Fears CEE economies will be hit by rising US interest rates and the reduction in the European Central Bank’s quantitative easing programme have been played down by EBRD and private economists. They instead have pointed the finger at eurozone strugglers Greece and Italy.
Central and eastern Europe has benefitted enormously from low borrowing costs and highly liquid capital markets thanks to the US Federal Reserve’s low interest rates and the ECB’s accommodative monetary policies. But leading bankers in the EBRD region believe that weak EU states such as Greece and Italy will fall victim to a spike in yields sooner than more resilient economies in the CEE.
Speculation that yields will rise across the continent has built up since ECB president Mario Draghi said in December the bank would scale back the amount of bonds it buys every month under its QE programmes from €80bn to €60bn from March.
Sergei Guriev, the EBRD’s chief economist, told GlobalMarkets that the multilateral was working on calculations on the likely impact of ECB tapering on its countries of operation, but he said: “We think QE will continue for the time being. For us the bigger challenge is the [US] Fed.
“If you ask me about what will happen in EU, it is that if rates go up, rising interest rates will be a problem mainly for highly indebted countries in western Europe. We see Italy facing the biggest challenge. It’s a country with very high sovereign debt and huge banking system issues that will continue to be the main priority for the ECB.”
Even US rate rises hold little fear for some in the CEE region. “The Fed has already started [raising rates] and it has not impacted Croatia adversely so far,” Boris Vujcic, Croatia’s central bank governor told GlobalMarkets. “The key thing for Croatia looking forward to the next two years is that its bond spreads are high compared to its peer group. It has significant space for further compression of spread, in order to absorb increase in interest rates without the medium term cost of funds going up.”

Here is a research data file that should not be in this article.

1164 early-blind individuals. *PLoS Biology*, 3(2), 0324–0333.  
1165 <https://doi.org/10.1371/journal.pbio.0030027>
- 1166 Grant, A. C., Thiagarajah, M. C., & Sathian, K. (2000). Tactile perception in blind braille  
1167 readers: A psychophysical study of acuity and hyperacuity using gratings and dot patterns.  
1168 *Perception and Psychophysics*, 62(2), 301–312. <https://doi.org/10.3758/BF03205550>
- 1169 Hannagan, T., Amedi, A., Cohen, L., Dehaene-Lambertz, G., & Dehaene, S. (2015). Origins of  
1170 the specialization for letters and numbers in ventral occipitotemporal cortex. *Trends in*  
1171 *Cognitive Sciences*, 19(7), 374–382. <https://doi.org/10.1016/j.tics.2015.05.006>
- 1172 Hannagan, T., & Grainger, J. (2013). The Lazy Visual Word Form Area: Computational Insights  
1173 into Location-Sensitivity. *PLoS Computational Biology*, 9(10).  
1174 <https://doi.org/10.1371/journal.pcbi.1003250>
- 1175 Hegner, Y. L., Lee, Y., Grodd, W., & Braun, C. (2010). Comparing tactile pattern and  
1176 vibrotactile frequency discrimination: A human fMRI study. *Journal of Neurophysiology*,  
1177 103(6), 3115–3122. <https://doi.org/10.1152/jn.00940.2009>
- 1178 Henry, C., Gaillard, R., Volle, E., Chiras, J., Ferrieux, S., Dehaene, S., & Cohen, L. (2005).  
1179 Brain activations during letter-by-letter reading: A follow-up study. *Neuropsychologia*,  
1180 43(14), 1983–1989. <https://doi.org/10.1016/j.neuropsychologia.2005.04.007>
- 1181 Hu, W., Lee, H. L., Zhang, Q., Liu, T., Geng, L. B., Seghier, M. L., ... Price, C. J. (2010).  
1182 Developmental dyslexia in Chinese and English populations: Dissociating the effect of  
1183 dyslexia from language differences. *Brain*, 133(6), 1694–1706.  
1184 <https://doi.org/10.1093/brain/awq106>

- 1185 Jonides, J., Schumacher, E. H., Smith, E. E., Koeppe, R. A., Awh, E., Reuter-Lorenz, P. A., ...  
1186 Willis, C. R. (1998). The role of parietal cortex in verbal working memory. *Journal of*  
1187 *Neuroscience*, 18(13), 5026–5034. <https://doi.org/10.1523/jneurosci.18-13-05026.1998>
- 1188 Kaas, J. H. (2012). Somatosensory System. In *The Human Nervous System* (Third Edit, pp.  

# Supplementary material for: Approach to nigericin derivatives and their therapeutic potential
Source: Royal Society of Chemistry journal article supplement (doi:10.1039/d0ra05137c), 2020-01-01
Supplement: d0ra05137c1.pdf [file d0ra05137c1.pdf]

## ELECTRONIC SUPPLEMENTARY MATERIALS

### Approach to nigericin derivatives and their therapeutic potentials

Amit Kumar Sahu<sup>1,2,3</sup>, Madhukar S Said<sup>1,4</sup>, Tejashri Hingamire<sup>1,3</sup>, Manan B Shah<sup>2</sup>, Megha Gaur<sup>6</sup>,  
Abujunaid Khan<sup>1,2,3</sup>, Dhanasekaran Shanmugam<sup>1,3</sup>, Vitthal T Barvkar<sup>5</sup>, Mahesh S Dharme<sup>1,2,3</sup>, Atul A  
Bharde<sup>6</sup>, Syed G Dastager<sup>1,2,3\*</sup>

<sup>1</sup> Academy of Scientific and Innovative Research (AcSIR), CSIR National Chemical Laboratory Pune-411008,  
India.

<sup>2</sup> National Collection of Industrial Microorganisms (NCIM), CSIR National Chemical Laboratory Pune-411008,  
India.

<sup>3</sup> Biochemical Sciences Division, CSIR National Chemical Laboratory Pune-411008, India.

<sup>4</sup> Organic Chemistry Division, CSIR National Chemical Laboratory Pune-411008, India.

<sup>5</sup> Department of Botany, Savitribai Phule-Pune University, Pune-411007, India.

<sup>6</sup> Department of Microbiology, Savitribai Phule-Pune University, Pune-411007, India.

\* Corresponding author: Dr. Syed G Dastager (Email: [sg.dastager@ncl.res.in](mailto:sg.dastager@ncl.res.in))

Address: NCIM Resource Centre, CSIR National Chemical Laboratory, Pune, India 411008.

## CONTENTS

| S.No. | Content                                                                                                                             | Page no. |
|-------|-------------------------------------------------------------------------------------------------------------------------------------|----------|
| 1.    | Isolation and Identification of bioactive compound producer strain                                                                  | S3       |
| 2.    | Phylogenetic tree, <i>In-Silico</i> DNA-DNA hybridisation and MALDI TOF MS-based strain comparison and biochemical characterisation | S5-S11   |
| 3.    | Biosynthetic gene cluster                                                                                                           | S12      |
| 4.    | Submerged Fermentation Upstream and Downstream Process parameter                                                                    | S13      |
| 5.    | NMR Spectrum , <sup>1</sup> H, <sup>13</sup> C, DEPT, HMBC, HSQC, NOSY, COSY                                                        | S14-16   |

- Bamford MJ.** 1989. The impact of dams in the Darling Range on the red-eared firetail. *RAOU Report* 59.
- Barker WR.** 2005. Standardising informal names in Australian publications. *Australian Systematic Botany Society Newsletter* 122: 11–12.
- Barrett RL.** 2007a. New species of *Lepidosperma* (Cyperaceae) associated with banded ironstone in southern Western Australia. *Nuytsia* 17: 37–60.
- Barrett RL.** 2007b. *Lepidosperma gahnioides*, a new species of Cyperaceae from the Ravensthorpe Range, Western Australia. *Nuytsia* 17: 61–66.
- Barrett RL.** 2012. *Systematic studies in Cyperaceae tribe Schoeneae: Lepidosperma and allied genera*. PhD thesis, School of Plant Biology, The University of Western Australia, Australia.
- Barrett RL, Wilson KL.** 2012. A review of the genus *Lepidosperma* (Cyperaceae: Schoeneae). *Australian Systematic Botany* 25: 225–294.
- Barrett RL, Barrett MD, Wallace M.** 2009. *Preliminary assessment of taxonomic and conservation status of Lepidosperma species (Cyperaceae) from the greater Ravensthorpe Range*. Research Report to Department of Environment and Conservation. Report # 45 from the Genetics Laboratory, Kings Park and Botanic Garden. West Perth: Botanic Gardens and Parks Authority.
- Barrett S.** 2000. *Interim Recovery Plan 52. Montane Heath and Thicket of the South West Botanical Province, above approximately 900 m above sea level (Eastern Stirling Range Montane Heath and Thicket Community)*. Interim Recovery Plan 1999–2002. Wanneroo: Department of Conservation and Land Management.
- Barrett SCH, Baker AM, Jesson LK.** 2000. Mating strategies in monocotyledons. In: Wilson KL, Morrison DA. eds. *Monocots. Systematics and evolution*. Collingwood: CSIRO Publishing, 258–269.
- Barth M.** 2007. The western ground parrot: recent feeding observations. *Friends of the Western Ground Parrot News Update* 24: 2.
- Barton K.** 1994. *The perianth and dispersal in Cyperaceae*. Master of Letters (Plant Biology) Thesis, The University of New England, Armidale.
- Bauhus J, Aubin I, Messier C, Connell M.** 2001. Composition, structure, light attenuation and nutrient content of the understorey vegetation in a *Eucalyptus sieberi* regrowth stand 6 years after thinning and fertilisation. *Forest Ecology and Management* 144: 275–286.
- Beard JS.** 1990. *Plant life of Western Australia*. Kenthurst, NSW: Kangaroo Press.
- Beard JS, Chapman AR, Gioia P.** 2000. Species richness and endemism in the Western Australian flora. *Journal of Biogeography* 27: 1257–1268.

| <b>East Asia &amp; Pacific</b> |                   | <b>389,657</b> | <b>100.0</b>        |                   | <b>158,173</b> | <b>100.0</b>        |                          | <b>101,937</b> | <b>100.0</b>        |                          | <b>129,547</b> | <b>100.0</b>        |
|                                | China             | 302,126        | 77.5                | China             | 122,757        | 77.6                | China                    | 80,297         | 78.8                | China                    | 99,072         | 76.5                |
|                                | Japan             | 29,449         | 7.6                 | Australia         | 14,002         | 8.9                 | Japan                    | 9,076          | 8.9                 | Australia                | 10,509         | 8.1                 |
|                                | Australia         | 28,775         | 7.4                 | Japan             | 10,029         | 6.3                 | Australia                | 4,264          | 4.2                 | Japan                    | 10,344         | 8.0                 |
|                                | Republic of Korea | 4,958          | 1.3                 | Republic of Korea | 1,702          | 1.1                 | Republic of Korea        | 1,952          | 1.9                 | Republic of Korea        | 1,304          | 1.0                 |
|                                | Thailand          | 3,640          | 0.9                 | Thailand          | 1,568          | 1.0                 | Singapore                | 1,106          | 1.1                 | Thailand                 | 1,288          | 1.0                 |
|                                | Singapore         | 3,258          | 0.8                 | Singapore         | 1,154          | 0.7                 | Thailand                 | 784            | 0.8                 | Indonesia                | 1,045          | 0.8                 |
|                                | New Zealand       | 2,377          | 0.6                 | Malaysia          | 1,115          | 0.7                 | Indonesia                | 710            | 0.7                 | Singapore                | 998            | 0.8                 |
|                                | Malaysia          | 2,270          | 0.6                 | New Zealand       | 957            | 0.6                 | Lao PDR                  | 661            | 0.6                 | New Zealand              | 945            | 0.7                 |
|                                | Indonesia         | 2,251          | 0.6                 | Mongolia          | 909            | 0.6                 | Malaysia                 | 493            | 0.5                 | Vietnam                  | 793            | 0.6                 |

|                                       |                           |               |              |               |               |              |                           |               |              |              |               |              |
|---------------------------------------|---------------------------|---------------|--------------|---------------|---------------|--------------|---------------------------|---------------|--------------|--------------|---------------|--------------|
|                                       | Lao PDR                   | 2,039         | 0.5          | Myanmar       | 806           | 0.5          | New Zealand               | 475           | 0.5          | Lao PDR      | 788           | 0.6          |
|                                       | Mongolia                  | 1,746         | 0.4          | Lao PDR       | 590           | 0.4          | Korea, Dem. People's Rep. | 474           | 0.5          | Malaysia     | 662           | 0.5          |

Marinos Vathis, CEO of Vojvodanska Banka, a Serbian institution, said that as the ECB started to taper QE and interest rates started to rise then “lots of things” would change. But he added: “It will hurt certain countries more than others — Greece for example will be hurt, definitely.”
Research two years ago by ECB economists found “strong evidence” that bond purchases by the ECB under its Securities Market Programme (SMP) had had direct impacts on bond yields in EU countries in the CEE that did not use the euro.
While they only looked at the impact of bond purchases, it may imply the reverse effect as tapering takes effect.
FINANCIAL INSTABILITY UNLIKELY
Liam Carson, emerging Europe economist at analysts Capital Economics, said he expected the impact on CEE economies would be moderate as tapering would be gradual. “In any case, external vulnerabilities in the CEE economies are far smaller than they were during the global financial crisis and the eurozone debt crisis,” he said.
“Most notably, current account deficits are smaller in Poland and Romania, and in the case of Hungary and the Czech Republic, current accounts are now in surplus. As such, ECB tapering is unlikely to cause any financial instability in CEE.”
But in its regional economic outlook published later today the IMF is likely to warn that risks arising from higher interest rates in advanced economies could spark capital outflows from countries in central, eastern, and southeastern Europe.